Michael Ellis

Centuries ago on this night a procession led by white-robed Druid priests would visit a sacred grove of oaks. They would climb the blessed trees and with golden scissors cut the mistletoe. As the divine plant fell onto special white sheets spread upon the ground, two bulls were sacrificed. It is easy to understand the power our Old World ancestors associated with mistletoe. Imagine the bleak winters of northern Europe, the trees devoid of leaves, the earth under a cold blanket of snow, the rivers frozen with ice and the sun barely rising above the horizon. Darkness and death seem to be constant companions; it is a tough time to be alive. But there glowing bright green and high up in a desolate tree is mistletoe, vibrant and alive. The Druids believed that mistletoe came from lightening that struck the tree. Imagine the power of a plant that is believed to come straight from heaven, directly from the gods. It is literally holy light, manifested as mistletoe. The carefully collected plant was later used in elaborate fertility rites to insure that the crops and animals would produce abundantly in the following year. A tiny remnant of this ancient ritual is our custom of kissing under the mistletoe. This is nothing compared to what the Celts used to do.During this time of year we are actually celebrating the winter solstice, though we may call it Christmas or Chanukah. We acknowledge the power of the sun and its central importance in our lives. We gather with friends and family to drive away the darkness, death and despair of winter. We free the sun’s energy by burning the Yule Log, by lighting candles and even by plugging in electric Christmas lights. We surround ourselves with greenery holly wreaths, Christmas trees, and mistletoe. We owe our very existence to green plants because only they can capture and store solar energy. The sun, our savior, dwells within all of these plants.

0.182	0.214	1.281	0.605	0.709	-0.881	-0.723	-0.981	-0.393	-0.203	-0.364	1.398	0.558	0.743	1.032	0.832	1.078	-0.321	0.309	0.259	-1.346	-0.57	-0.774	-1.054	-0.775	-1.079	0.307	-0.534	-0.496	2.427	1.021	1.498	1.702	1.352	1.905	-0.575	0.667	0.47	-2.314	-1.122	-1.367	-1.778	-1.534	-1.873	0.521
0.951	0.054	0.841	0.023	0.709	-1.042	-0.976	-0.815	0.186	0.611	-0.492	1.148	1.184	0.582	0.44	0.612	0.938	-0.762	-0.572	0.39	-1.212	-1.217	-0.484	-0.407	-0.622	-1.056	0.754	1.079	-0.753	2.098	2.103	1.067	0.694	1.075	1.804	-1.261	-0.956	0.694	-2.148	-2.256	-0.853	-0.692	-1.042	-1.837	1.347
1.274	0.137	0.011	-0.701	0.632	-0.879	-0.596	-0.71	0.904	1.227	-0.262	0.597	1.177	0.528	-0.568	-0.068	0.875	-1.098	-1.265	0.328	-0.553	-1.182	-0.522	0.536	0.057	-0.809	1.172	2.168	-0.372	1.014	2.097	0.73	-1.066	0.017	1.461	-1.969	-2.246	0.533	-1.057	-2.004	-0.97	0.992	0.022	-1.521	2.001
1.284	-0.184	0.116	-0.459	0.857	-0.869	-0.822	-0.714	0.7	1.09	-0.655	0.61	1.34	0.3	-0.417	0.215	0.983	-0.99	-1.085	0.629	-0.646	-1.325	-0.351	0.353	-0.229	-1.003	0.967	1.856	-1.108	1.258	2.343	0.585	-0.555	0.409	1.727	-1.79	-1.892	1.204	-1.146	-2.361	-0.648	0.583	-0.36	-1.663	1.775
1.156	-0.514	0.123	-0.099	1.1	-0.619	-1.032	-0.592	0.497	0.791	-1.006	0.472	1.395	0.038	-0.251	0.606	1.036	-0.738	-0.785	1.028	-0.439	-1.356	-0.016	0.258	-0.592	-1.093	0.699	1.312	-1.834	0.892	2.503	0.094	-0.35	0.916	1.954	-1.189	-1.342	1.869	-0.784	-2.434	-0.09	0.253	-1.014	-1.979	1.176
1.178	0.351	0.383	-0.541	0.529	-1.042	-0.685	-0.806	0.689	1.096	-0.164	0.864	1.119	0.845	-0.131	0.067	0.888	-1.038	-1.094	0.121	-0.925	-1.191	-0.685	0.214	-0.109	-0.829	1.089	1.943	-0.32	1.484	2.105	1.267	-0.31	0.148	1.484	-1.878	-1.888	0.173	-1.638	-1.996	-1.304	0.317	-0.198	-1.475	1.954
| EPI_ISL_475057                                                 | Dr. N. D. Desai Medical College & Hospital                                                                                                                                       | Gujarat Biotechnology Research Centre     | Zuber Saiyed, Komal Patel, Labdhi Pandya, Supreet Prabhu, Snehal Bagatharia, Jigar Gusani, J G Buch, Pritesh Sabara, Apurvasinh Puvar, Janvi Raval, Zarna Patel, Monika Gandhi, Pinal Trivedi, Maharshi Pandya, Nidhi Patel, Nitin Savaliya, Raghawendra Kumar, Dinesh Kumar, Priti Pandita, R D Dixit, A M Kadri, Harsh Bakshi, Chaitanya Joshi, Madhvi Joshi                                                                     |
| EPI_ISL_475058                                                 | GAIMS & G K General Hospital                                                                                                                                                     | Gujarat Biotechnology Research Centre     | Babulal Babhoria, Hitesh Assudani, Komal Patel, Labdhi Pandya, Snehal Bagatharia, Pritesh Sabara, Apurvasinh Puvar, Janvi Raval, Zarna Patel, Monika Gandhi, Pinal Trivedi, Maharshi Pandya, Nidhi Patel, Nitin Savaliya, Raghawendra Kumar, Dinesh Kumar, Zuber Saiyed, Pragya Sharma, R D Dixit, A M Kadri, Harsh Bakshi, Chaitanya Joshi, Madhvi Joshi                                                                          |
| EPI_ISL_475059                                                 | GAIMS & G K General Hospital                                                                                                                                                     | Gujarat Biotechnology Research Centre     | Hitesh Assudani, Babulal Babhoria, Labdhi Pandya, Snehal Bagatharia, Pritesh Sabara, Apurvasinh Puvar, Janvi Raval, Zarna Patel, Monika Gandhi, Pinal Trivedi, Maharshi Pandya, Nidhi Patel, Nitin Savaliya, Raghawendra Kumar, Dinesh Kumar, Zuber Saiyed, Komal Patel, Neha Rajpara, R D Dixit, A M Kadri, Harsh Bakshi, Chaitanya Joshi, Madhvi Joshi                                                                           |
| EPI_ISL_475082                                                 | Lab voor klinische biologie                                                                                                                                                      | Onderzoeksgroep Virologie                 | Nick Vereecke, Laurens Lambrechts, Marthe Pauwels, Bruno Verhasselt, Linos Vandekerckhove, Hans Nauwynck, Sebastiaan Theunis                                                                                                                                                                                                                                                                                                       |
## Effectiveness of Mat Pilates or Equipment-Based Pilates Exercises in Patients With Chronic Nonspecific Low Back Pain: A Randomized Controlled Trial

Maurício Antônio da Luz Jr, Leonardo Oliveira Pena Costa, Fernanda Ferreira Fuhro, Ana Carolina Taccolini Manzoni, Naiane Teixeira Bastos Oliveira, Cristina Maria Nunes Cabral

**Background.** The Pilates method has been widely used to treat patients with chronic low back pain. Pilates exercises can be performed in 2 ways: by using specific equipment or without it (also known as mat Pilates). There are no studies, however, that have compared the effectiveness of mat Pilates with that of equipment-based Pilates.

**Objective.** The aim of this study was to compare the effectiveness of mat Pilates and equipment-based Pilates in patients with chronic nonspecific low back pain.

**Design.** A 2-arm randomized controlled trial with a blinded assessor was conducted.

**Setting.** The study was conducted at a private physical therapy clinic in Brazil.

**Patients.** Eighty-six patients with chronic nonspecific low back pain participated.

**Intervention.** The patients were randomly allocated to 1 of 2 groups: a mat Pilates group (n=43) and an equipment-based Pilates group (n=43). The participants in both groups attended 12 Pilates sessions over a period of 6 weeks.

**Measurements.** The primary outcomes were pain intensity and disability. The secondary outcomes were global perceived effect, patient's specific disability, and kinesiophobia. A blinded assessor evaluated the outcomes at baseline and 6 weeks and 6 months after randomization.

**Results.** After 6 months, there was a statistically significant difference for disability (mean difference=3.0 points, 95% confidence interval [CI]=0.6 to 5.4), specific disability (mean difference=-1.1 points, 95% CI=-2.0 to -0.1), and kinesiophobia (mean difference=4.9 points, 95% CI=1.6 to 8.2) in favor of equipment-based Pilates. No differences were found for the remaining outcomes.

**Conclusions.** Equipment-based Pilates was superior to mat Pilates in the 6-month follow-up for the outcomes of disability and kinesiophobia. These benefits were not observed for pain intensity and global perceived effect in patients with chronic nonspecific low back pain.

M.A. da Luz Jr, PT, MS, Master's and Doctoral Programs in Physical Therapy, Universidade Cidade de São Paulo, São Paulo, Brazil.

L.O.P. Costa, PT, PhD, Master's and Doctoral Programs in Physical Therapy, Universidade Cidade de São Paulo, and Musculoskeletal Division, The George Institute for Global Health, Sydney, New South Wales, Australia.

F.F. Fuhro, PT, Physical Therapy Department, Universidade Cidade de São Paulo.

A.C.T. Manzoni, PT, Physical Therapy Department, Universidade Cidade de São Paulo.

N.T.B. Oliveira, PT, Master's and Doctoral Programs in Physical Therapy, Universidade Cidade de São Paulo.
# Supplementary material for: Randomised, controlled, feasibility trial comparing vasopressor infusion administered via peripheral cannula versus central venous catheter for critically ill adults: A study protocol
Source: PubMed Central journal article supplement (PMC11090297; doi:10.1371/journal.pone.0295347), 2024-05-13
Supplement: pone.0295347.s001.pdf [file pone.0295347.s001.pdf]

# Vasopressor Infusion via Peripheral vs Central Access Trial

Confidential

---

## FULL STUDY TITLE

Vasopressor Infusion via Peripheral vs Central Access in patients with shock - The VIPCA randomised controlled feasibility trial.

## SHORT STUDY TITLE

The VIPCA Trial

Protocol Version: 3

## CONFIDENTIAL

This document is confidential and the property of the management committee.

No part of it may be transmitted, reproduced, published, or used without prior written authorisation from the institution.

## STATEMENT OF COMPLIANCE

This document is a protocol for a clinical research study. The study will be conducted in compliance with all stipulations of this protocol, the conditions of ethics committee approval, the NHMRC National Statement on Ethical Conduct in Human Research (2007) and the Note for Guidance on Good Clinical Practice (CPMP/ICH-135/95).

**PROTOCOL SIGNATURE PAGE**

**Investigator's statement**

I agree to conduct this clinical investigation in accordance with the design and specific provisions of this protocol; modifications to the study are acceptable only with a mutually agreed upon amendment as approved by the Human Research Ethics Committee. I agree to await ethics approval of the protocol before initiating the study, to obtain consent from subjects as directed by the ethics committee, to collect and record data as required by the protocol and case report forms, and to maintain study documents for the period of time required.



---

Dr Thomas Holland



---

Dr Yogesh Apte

Long live mistletoe, long live humans, long live the sun.

This is Michael Ellis with a Perspective.



Posted on

December 1, 2010